Here it's so—I don't know how to describe it—it's quite simply a huge cowshed for 5,000 people or more, without walls, without barriers—everyone sharing the same quarters. I described the details of this magic castle to Mirjana and I really don't feel like repeating them.1 We get either breakfast or supper accompanied by the most abusive of words—on top of that, one's appetite passes and one's no longer hungry. Over the past five days we've had cabbage four times. Otherwise, everything's wonderful. Especially as far as our neighbours are concerned—the Gypsy camp. Today I went there to shave and grease the heads of fifteen people with lice. Even though my arms were burning up to the elbows from the cresol after this, my work is in vain, because as soon as I finish the second group, the first have got lice again.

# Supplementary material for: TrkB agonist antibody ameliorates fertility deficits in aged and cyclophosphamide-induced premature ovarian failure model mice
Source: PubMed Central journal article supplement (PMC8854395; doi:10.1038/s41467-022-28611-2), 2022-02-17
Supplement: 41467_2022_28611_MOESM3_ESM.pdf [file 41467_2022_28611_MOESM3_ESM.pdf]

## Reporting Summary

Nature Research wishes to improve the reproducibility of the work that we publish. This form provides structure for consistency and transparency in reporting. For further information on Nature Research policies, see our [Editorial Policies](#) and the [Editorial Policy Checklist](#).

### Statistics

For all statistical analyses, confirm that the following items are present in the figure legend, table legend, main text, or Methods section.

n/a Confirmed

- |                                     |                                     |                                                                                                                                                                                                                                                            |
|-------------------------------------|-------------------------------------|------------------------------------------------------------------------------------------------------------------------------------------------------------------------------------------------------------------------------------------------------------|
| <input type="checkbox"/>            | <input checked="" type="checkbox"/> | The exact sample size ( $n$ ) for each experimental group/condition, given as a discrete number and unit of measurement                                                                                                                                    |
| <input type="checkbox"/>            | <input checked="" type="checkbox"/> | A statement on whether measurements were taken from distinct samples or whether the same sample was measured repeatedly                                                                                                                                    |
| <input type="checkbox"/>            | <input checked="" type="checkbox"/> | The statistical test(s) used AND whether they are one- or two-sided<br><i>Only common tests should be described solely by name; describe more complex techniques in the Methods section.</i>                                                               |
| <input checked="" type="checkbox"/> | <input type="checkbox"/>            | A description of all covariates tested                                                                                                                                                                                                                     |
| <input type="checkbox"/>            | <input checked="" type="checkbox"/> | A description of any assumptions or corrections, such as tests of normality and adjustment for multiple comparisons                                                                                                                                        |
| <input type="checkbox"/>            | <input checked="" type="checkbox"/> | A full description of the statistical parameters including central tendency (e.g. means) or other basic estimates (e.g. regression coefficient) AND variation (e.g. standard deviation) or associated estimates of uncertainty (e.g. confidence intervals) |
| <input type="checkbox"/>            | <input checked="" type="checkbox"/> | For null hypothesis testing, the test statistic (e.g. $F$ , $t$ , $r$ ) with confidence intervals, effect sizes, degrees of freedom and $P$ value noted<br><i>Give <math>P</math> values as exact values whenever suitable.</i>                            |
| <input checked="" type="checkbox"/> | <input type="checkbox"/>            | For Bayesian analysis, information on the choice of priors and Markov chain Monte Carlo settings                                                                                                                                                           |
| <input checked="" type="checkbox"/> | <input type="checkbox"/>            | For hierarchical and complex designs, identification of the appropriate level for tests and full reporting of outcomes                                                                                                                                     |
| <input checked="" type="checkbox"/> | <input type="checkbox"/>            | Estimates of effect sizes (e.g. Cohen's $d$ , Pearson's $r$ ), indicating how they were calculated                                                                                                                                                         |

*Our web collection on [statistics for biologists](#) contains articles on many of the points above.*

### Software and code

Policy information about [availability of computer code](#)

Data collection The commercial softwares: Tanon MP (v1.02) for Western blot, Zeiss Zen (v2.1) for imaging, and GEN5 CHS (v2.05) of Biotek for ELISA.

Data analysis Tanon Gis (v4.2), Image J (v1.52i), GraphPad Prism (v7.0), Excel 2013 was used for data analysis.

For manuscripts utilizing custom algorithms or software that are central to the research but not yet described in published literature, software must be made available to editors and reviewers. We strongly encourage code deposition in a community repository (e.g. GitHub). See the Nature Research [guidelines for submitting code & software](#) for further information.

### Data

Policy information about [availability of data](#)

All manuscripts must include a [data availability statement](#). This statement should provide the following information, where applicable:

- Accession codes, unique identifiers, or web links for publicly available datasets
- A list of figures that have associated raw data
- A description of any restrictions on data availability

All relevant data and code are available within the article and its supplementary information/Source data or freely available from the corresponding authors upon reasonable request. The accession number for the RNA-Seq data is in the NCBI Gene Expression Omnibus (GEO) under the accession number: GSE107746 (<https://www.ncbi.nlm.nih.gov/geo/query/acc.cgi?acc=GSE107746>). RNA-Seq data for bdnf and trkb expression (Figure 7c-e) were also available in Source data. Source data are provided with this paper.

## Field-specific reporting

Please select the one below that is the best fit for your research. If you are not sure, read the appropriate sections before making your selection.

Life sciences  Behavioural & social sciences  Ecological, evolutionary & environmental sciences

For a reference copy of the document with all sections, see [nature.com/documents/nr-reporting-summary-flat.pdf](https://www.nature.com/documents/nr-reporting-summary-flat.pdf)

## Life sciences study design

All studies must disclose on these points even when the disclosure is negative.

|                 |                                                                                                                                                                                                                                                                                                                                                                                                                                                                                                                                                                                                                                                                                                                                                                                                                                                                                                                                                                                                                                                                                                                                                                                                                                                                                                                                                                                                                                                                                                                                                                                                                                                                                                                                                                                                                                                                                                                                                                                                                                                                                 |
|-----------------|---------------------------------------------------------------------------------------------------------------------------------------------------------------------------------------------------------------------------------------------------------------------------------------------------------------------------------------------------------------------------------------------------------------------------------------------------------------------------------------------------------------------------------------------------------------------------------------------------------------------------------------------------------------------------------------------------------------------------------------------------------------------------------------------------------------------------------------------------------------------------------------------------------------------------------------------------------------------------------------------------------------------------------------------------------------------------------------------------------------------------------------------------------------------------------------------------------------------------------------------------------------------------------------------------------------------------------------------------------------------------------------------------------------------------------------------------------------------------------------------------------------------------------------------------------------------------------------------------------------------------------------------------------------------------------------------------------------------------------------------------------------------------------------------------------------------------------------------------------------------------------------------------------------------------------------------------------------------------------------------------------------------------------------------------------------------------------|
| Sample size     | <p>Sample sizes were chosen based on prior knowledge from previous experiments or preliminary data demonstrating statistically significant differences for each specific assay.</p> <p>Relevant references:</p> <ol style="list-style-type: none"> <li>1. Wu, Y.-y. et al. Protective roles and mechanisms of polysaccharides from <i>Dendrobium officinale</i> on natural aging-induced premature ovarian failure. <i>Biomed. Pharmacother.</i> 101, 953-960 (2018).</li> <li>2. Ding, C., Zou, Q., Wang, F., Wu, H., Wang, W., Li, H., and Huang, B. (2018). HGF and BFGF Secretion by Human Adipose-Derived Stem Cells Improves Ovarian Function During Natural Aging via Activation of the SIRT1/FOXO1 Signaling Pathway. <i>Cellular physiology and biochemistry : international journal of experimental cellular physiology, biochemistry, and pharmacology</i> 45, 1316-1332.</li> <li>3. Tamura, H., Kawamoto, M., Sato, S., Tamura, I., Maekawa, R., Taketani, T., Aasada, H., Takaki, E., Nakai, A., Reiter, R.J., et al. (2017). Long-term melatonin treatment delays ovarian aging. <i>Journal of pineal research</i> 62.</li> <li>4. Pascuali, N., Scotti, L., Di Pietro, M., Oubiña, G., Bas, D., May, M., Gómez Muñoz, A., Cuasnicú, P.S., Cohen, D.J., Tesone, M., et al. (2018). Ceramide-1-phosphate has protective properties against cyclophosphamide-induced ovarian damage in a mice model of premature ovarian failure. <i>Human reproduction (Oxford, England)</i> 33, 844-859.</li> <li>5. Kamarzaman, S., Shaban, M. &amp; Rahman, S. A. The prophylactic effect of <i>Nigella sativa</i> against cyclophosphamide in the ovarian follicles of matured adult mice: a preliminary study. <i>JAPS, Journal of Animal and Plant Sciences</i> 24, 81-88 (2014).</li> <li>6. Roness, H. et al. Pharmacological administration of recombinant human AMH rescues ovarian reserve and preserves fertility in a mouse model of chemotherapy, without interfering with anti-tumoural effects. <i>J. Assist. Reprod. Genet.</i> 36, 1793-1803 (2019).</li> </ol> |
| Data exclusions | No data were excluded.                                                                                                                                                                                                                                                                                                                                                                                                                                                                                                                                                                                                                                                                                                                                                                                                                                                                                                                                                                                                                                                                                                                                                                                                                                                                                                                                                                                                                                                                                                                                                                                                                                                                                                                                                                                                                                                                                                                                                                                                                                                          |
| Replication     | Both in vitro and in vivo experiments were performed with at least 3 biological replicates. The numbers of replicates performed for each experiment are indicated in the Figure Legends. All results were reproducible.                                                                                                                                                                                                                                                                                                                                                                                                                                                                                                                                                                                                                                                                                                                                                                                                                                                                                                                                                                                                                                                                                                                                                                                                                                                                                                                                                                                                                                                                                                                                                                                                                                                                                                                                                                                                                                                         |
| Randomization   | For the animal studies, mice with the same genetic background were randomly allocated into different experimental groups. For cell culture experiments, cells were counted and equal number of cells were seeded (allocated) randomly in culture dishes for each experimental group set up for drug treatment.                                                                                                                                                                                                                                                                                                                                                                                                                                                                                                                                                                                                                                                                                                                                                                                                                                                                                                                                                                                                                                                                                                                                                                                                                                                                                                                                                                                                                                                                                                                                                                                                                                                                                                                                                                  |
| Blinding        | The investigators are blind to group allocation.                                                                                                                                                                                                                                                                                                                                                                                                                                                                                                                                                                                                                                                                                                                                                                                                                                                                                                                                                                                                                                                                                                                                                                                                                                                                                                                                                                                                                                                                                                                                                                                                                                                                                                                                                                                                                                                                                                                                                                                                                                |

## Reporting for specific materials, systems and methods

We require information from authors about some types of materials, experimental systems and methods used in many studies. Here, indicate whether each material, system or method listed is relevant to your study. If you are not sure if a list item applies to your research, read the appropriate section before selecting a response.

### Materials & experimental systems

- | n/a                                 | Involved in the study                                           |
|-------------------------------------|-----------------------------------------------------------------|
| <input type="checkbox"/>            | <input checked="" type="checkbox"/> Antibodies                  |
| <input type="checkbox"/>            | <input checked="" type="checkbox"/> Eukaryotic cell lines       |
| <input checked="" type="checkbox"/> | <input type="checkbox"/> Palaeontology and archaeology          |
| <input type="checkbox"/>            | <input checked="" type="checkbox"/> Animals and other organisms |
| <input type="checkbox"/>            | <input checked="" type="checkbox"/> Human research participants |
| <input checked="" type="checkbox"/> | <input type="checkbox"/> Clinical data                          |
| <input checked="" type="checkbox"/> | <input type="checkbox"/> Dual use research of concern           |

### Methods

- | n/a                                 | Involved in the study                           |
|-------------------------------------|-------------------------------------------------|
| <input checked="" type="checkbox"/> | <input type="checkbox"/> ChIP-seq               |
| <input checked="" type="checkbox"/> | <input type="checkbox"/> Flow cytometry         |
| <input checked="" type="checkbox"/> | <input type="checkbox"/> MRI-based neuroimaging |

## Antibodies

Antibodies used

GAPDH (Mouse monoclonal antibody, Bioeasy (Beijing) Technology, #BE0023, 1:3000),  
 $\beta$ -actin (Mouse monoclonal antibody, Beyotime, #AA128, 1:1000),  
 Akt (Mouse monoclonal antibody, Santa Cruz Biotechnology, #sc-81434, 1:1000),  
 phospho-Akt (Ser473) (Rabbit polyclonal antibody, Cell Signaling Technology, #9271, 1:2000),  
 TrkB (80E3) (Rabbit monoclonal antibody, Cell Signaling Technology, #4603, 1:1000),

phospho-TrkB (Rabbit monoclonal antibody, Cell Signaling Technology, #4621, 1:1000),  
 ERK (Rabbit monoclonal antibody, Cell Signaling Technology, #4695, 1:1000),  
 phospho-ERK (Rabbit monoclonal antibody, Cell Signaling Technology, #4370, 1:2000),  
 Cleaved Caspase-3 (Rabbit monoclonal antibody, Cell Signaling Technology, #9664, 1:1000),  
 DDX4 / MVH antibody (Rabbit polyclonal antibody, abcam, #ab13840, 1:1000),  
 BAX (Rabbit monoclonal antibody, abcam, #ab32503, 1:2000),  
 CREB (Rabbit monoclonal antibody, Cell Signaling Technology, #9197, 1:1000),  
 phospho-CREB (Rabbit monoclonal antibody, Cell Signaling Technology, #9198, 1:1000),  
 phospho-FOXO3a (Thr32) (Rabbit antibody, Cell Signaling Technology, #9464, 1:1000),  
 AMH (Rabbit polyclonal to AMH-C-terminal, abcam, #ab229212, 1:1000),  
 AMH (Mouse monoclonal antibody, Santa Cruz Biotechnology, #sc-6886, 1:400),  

The running of the camp is in the hands of people from Banat and is based on favoritism or rather 'loverism,' but we Belgraders are too docile and they take advantage of this, because as soon as one of them chats with a girl, she becomes his girlfriend.2 Every hundred inmates have a group commander, usually some whippersnapper aged between 16 and 20, and up to now they've already picked 100 camp policewomen from the girls aged from 16 to 23. I kept myself well-hidden, because I'm only too aware of my particular attitude towards police of any kind. What their criteria are when they make their choice, only they know.